From Barcelona, the latest date is the 13th instant. The Constitu- tional of the 7th published the following peremptory order by General Seoane- " Barcelona, 5th January. " The Captain-General of the Second District and General-in-Chief of the Army of Catalonia informs the Constitutional Ayuntamiento, that he has re- ceived a list, comprising the names of only seven persons, who have come to pay their quota of the contribution of 6,000,000 seals. This result proves two things,—first, the constant practice of the city to despise and refuse to execute, since 1834, the decrees issued by the Cortes and the Government; second, the bad grace with which the Ayuntamiento enforces the execution of the said de- crees. Faithful to my mission, I order you to publish, early tomorrow morning, a bando, directing that, within a delay of five days, each tax-payer shall deposite his quota of the contribution in the municipal chest. Should this order not be obeyed within the given time, a number of soldiers shall be billeted on each defaulter, whom he shall be compelled to provide for, at an expense progres- sively increasing in proportion to the delay; and if that measure should prove inefficient, I will recur to others more energetic, and will take steps against the members of the Municipality themselves, should they continue to evince ill- will and persevere in their passive resistance."

The Ayuntamiento replied, that it would not discuss the charges adduced against it in the General's despatch, which it was far from ad- mitting; and merely announced that it has complied with his order, and issued a bando requiring proprietors of land and house-property to pay 40 per cent on the income of such property by the 10th. The order had created a ferment in the place ; and the payers came forward very slowly, only twenty-seven appearing on the 8th. Private letters from Barcelona, of the 13th, announce that the Cap- tain-General had extended to the 16th the period for the payment of the extraordinary contribution.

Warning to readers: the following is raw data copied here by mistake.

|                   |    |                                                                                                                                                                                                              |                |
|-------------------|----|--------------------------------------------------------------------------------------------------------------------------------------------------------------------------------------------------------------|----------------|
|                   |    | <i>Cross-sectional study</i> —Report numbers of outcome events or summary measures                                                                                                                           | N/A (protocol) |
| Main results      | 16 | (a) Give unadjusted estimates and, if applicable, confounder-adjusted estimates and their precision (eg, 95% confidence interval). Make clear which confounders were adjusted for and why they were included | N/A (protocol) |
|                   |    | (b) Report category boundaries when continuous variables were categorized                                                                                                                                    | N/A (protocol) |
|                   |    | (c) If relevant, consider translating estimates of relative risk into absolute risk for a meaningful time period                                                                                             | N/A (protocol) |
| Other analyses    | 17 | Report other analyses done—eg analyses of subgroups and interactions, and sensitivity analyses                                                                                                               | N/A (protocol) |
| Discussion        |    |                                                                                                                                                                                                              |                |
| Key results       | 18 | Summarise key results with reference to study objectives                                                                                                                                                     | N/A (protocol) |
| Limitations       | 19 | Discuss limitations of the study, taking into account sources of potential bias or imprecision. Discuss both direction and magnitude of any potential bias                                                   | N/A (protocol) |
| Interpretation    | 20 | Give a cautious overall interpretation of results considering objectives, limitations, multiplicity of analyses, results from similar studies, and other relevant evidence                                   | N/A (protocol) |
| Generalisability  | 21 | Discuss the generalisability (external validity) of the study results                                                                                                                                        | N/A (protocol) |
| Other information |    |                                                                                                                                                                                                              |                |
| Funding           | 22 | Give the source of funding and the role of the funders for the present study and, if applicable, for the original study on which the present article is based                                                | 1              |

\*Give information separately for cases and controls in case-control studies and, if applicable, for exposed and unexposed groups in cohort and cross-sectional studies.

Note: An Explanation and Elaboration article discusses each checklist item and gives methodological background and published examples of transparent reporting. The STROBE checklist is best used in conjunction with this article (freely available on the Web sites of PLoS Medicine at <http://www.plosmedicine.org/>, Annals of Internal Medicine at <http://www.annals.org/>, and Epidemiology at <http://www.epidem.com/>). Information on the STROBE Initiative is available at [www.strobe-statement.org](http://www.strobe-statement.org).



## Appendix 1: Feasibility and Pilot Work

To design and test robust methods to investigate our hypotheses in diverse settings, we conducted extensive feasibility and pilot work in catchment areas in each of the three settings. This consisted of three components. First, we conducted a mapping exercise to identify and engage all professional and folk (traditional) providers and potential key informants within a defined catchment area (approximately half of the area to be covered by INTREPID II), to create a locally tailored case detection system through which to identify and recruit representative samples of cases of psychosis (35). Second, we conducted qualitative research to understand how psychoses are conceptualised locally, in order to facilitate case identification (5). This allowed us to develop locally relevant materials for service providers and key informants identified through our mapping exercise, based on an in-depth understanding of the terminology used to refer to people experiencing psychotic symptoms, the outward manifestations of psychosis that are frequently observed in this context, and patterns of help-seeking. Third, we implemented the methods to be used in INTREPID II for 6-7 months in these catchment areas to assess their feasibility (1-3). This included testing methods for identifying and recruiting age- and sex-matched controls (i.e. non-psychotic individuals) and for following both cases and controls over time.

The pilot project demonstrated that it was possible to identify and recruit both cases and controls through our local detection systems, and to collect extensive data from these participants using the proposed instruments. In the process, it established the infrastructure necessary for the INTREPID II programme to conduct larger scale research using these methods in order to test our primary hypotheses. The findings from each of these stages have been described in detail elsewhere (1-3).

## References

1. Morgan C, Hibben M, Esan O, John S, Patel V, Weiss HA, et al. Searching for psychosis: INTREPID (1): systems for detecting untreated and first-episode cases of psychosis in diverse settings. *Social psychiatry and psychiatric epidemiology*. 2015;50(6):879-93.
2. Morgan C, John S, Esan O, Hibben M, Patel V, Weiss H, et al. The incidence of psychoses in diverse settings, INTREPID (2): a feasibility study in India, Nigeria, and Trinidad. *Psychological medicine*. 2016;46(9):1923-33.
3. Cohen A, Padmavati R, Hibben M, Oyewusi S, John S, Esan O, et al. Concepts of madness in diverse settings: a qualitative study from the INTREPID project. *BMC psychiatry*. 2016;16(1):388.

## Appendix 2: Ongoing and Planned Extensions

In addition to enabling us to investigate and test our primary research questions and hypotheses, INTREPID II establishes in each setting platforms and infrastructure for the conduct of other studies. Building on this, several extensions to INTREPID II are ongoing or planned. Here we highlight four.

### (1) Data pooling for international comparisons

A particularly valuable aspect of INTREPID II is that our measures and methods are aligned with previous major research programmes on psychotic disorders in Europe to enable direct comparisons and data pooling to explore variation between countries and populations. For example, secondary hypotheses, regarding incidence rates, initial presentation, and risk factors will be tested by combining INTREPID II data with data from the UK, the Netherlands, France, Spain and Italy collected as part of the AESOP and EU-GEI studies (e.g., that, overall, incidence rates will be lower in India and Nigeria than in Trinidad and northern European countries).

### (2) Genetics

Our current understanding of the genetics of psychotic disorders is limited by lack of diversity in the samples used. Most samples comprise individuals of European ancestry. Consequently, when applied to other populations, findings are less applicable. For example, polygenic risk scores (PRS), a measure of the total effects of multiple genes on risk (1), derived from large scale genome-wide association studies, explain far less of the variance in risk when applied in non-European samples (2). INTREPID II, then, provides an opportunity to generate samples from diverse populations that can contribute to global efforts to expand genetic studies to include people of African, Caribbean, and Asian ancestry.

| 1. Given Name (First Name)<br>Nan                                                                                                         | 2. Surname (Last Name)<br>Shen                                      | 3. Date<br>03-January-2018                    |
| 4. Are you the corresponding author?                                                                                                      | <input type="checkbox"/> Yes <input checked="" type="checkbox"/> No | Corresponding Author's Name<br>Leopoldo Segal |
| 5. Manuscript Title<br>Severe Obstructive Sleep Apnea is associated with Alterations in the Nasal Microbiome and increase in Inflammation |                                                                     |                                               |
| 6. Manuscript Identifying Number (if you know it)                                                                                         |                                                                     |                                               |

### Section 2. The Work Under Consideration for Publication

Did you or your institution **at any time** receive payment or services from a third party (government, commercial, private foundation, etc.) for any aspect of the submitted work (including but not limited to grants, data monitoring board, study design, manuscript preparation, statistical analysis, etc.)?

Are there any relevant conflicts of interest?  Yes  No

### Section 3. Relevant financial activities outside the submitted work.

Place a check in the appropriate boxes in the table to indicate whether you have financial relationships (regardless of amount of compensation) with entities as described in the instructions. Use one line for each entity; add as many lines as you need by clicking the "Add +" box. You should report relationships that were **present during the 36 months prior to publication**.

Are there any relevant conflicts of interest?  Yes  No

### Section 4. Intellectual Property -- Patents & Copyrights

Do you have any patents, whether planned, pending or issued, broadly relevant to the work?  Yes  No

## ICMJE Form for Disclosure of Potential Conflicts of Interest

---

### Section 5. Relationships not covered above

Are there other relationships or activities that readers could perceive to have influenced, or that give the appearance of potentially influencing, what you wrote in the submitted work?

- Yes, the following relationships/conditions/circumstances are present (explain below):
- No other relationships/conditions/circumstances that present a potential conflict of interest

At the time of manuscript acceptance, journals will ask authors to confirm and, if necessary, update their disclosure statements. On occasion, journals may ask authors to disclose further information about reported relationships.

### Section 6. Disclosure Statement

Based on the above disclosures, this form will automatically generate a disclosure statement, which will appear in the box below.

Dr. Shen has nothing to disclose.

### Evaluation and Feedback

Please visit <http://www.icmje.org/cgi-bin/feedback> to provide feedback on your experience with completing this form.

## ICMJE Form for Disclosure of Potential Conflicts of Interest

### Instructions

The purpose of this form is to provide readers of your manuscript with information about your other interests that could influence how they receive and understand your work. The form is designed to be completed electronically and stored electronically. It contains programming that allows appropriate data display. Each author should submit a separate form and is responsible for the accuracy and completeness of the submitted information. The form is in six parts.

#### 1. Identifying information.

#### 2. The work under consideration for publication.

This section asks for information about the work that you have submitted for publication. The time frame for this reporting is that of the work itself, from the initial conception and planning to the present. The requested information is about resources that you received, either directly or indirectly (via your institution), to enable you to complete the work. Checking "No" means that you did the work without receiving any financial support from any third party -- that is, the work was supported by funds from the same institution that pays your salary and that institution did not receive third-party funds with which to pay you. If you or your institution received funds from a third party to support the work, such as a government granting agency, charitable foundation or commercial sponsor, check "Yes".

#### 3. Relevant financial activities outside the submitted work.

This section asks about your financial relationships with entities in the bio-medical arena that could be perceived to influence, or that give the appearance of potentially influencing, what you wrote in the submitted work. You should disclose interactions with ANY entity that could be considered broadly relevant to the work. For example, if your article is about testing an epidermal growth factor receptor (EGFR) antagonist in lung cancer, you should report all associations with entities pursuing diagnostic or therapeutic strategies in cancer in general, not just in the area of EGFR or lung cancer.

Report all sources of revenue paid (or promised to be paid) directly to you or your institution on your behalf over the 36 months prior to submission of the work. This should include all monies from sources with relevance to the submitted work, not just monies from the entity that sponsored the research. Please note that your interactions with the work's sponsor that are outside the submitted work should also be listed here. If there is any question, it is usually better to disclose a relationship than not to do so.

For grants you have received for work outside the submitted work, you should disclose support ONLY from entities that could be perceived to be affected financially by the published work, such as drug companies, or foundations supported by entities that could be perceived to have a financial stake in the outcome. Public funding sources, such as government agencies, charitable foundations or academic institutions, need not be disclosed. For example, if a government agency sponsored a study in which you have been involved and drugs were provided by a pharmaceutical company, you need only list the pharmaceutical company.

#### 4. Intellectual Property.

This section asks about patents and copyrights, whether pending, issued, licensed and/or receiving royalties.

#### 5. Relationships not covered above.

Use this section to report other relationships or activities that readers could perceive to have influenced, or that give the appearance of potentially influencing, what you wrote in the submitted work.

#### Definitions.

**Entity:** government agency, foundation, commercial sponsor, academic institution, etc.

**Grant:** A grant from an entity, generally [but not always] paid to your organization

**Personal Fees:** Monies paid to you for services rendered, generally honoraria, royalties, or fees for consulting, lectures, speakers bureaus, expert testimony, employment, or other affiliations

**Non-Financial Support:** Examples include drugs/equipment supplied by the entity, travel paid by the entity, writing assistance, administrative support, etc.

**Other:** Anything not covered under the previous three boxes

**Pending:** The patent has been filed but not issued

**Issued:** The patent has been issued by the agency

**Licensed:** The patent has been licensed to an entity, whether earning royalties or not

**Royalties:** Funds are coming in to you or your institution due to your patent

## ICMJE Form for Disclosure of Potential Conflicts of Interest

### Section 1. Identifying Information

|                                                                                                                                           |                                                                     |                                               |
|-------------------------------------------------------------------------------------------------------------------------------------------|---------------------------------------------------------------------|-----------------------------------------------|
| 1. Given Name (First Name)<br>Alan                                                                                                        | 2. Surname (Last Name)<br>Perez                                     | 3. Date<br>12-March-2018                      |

The Memorial Bordelais of the 15th publishes the official return of the casualties at Barcelona during the bombardment; from which it appears that seven men and a woman were killed, and nineteen men and six women wounded.

The Britannia mail-steamer, which left Boston on the 1st, Halifax on the 3d instant, arrived at Liverpool on Sunday night ; having en- countered very rough weather on the passage. It brings intelligence from New York to the 31st of December.

The political news is not of great importance. The President had been called upon by the Senate to state whether Lord Ashburton opened, or attempted to open, a negotiation on the subject of the United States assuming the State debts ; and also to give such information, not incompatible with the public interest, as he was in possession of through Lord Ashburton or otherwise as to the present state of the Oregon ques- tion. To the first question the President replied, that Lord Ashburton did not at any time allude to the State debts, or make any suggestion in relation to them. In reference to the Oregon territory, he stated that he had no communication to snake at present ; but added, that he had taken the necessary steps to promote a good understanding on the sub- ject with the Government of Great Britain. There was no marked change in the state of money matters. A fair extent of business had been done in exchanges for the Britannia ; prices were not, however, firm : the rate on London was 54 to 6 premium; on Paris, 5.43 to 5.45.